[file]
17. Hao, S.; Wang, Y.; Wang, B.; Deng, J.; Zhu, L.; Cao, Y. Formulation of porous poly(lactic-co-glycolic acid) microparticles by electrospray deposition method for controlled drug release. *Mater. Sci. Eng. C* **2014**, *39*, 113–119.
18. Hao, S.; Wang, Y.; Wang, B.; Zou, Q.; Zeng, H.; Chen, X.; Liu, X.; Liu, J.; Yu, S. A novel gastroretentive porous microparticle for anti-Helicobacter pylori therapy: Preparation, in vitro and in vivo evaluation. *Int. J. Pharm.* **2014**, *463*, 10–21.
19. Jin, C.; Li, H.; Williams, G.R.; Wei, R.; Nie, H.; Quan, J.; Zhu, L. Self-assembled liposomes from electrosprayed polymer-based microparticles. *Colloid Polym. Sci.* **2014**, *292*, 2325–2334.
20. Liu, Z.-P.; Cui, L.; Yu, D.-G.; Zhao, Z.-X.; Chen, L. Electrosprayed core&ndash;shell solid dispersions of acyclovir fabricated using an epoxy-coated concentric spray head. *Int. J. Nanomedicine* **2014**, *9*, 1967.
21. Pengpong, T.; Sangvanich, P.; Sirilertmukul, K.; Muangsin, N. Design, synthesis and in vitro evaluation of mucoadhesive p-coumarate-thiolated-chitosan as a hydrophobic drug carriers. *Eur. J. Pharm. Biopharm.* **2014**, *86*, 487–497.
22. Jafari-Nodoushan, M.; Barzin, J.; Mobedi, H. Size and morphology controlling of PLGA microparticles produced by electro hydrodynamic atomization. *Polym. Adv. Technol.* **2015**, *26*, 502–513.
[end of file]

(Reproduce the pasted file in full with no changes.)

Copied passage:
17. Hao, S.; Wang, Y.; Wang, B.; Deng, J.; Zhu, L.; Cao, Y. Formulation of porous poly(lactic-co-glycolic acid) microparticles by electrospray deposition method for controlled drug release. *Mater. Sci. Eng. C* **2014**, *39*, 113–119.
18. Hao, S.; Wang, Y.; Wang, B.; Zou, Q.; Zeng, H.; Chen, X.; Liu, X.; Liu, J.; Yu, S. A novel gastroretentive porous microparticle for anti-Helicobacter pylori therapy: Preparation, in vitro and in vivo evaluation. *Int. J. Pharm.* **2014**, *463*, 10–21.
19. Jin, C.; Li, H.; Williams, G.R.; Wei, R.; Nie, H.; Quan, J.; Zhu, L. Self-assembled liposomes from electrosprayed polymer-based microparticles. *Colloid Polym. Sci.* **2014**, *292*, 2325–2334.
20. Liu, Z.-P.; Cui, L.; Yu, D.-G.; Zhao, Z.-X.; Chen, L. Electrosprayed core&ndash;shell solid dispersions of acyclovir fabricated using an epoxy-coated concentric spray head. *Int. J. Nanomedicine* **2014**, *9*, 1967.
21. Pengpong, T.; Sangvanich, P.; Sirilertmukul, K.; Muangsin, N. Design, synthesis and in vitro evaluation of mucoadhesive p-coumarate-thiolated-chitosan as a hydrophobic drug carriers. *Eur. J. Pharm. Biopharm.* **2014**, *86*, 487–497.
22. Jafari-Nodoushan, M.; Barzin, J.; Mobedi, H. Size and morphology controlling of PLGA microparticles produced by electro hydrodynamic atomization. *Polym. Adv. Technol.* **2015**, *26*, 502–513.